Clarke's three laws

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Clarke's Three Laws are three "laws" of prediction formulated by the British science fiction writer Arthur C. Clarke. They are:

  1. When a distinguished but elderly scientist states that ... something is impossible, he is very probably wrong.
  2. The only way of discovering the limits of the possible is to venture a little way past them into the impossible.
  3. Any sufficiently advanced technology is indistinguishable from magic.

Origins[edit]

Clarke's First Law was proposed by Arthur C. Clarke in the essay "Hazards of Prophecy: The Failure of Imagination", in Profiles of the Future (1962).[1]

The second law is offered as a simple observation in the same essay. Its status as Clarke's Second Law was conferred by others. In a 1973 revision of Profiles of the Future, Clarke acknowledged the Second Law and proposed the Third. "As three laws were good enough for Newton, I have modestly decided to stop there".

The Third Law is the best known and most widely cited, and appears in Clarke's 1973 revision of "Hazards of Prophecy: The Failure of Imagination". It echos a statement in a 1942 story by Leigh Brackett: "Witchcraft to the ignorant, ... simple science to the learned".[2] Even earlier examples of this sentiment may be found in Wild Talents (1932) by the author Charles Fort, where he makes the statement: "...a performance that may some day be considered understandable, but that, in these primitive times, so transcends what is said to be the known that it is what I mean by magic."

A fourth law has been added to the canon, despite Sir Arthur Clarke's declared intention of not going one better than Sir Isaac Newton. Geoff Holder quotes: "For every expert, there is an equal and opposite expert" in his book 101 Things to Do with a Stone Circle (The History Press, 2009), and offers as his source Arthur C. Clarke's Profiles of the Future (new edition, 1999).

Snowclones and variations of the third law[edit]

There exist a number of snowclones and variations of the third law

  • Any sufficiently advanced act of benevolence is indistinguishable from malevolence.[3] (referring to artificial intelligence)
  • Any sufficiently advanced incompetence is indistinguishable from malice. (Grey's law)[citation needed]
  • Any sufficiently advanced troll is indistinguishable from a genuine kook. (Poe's law)
  • Any sufficiently advanced technology is indistinguishable from a rigged demo.[4]

and its contrapositive:

  • Any technology distinguishable from magic is insufficiently advanced. (Gehm's corollary)[citation needed]

The third law can be reversed in fictional universes involving magic:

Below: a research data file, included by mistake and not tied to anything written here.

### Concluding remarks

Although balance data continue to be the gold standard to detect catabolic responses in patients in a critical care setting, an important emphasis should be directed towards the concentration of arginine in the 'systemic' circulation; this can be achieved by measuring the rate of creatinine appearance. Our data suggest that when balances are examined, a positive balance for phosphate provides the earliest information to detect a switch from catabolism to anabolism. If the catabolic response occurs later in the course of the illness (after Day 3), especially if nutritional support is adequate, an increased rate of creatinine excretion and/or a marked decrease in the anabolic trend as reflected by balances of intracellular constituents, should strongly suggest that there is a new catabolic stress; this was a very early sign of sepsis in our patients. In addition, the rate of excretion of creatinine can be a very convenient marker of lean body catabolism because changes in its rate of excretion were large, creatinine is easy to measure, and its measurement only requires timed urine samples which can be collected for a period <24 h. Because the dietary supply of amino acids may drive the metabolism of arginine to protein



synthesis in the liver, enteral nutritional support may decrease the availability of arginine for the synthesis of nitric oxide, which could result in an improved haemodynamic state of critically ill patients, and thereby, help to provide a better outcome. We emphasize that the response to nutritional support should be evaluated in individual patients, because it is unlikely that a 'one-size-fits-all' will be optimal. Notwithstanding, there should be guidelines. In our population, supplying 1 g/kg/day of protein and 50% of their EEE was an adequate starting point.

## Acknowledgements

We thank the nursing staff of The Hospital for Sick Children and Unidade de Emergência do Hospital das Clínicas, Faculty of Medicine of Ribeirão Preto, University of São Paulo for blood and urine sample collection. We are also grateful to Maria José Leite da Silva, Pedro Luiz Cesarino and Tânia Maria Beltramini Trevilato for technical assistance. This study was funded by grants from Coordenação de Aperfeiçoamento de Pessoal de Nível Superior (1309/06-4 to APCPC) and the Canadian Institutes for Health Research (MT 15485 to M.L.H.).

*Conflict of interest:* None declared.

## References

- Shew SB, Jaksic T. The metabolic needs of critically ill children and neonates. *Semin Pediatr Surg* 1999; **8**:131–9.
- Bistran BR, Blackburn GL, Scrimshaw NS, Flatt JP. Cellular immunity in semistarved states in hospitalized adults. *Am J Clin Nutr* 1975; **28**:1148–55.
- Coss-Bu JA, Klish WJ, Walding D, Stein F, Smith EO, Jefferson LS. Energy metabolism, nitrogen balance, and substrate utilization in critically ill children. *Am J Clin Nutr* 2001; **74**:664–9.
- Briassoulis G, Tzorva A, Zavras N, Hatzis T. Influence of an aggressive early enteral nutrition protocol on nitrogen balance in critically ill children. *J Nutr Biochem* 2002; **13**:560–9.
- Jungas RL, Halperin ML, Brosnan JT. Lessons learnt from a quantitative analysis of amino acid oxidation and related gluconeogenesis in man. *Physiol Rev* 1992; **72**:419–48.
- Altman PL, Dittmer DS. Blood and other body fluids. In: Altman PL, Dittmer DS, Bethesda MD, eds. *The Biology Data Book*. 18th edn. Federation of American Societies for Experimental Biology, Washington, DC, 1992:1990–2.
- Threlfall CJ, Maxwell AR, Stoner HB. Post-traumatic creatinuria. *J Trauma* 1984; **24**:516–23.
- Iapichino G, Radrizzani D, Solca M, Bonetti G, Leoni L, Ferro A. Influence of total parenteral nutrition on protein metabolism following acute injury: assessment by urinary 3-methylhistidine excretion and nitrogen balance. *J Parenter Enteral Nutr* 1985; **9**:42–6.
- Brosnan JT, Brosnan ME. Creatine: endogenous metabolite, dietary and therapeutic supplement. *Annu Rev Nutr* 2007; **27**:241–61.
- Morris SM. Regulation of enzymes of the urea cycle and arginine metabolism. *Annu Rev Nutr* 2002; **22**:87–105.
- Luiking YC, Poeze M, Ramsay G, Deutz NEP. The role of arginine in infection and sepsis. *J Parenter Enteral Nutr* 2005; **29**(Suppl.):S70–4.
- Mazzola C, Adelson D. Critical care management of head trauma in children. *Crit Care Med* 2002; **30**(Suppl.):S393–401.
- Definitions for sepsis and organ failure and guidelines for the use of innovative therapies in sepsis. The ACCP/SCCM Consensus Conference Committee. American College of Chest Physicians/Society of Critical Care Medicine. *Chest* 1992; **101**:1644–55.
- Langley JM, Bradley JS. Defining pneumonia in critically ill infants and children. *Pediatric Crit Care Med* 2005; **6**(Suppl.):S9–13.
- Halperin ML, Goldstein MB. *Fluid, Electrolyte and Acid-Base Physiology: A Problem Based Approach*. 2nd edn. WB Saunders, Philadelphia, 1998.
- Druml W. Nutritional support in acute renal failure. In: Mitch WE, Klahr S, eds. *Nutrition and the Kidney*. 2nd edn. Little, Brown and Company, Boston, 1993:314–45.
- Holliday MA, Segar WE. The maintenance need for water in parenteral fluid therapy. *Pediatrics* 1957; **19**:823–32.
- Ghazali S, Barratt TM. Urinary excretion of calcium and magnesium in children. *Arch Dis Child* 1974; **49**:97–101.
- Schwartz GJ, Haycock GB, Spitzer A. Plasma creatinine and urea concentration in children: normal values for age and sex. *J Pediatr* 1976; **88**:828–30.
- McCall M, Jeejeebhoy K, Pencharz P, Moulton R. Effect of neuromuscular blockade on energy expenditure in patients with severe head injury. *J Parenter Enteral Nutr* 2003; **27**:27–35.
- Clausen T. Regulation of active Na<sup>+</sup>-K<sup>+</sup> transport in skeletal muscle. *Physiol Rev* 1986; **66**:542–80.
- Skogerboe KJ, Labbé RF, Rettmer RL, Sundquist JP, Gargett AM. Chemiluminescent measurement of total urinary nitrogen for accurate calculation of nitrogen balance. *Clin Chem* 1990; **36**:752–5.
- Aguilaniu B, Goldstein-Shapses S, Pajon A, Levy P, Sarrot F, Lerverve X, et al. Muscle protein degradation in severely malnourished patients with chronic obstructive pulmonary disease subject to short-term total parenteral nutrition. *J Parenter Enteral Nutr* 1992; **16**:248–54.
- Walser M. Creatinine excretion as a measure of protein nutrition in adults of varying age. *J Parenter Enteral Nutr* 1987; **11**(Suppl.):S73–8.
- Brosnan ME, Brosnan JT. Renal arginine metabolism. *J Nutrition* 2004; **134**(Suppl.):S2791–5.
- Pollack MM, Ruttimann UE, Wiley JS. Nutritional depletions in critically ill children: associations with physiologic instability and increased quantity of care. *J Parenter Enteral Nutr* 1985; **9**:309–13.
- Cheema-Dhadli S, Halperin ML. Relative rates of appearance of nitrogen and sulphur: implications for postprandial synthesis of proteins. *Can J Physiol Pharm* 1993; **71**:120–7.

• Any sufficiently analyzed magic is indistinguishable from science![5][6]

The law can also be used to show similarities in contrasting instances, and vice versa (where 'ignorant' is unlearned, and 'stupid' is inability to learn):

  • "Any sufficiently ignorant person is indistinguishable from stupid."[7]

The law can also refer to the lost advances of the past, unexplained archaeology and reconstructions of folk mysticism :

  • "Any sufficiently ancient recovered wisdom or artifact is also indistinguishable from magic"[citation needed]

See also[edit]

References[edit]

  1. ^ "'Hazards of Prophecy: The Failure of Imagination'" in the collection Profiles of the Future: An Enquiry into the Limits of the Possible (1962, rev. 1973), pp. 14, 21, 36.
  2. ^ "The Sorcerer of Rhiannon", Astounding February 1942, p. 39.
  3. ^ Rubin, Charles T. (5 November 2008). "What is the Good of Transhumanism?". In Chadwick, Ruth; Gordijn, Bert. Medical Enhancement and Posthumanity. Springer. p. 149. ISBN 9789048180059. Archived from the original on 16 October 2014. Retrieved 17 October 2014. 
    Rubin is referring to an earlier work of his:
    Rubin, Charles T. (1996). "First contact: Copernican moment or nine day’s wonder?". In Kingsley, Stuart A.; Lemarchand, Guillermo A. The Search for Extraterrestrial Intelligence (SETI) in the Optical Spectrum II: 31 January-1 February 1996, San Jose, California, Band 2704. Proceedings of SPIE - the International Society for Optical Engineering. Bellingham, WA: SPIE—The International Society for Optical Engineering. pp. 161–184. ISBN 9780819420787. 
  4. ^ http://www.quotationspage.com/quote/3418.html
  5. ^ http://www.girlgeniusonline.com/comic.php?date=20081205
  6. ^ http://tvtropes.org/pmwiki/pmwiki.php/Main/SufficientlyAnalyzedMagic
  7. ^ http://www.reddit.com/r/news/comments/2dsqij/report_armed_men_attack_liberia_ebola_clinic/cjsty2b

External links[edit]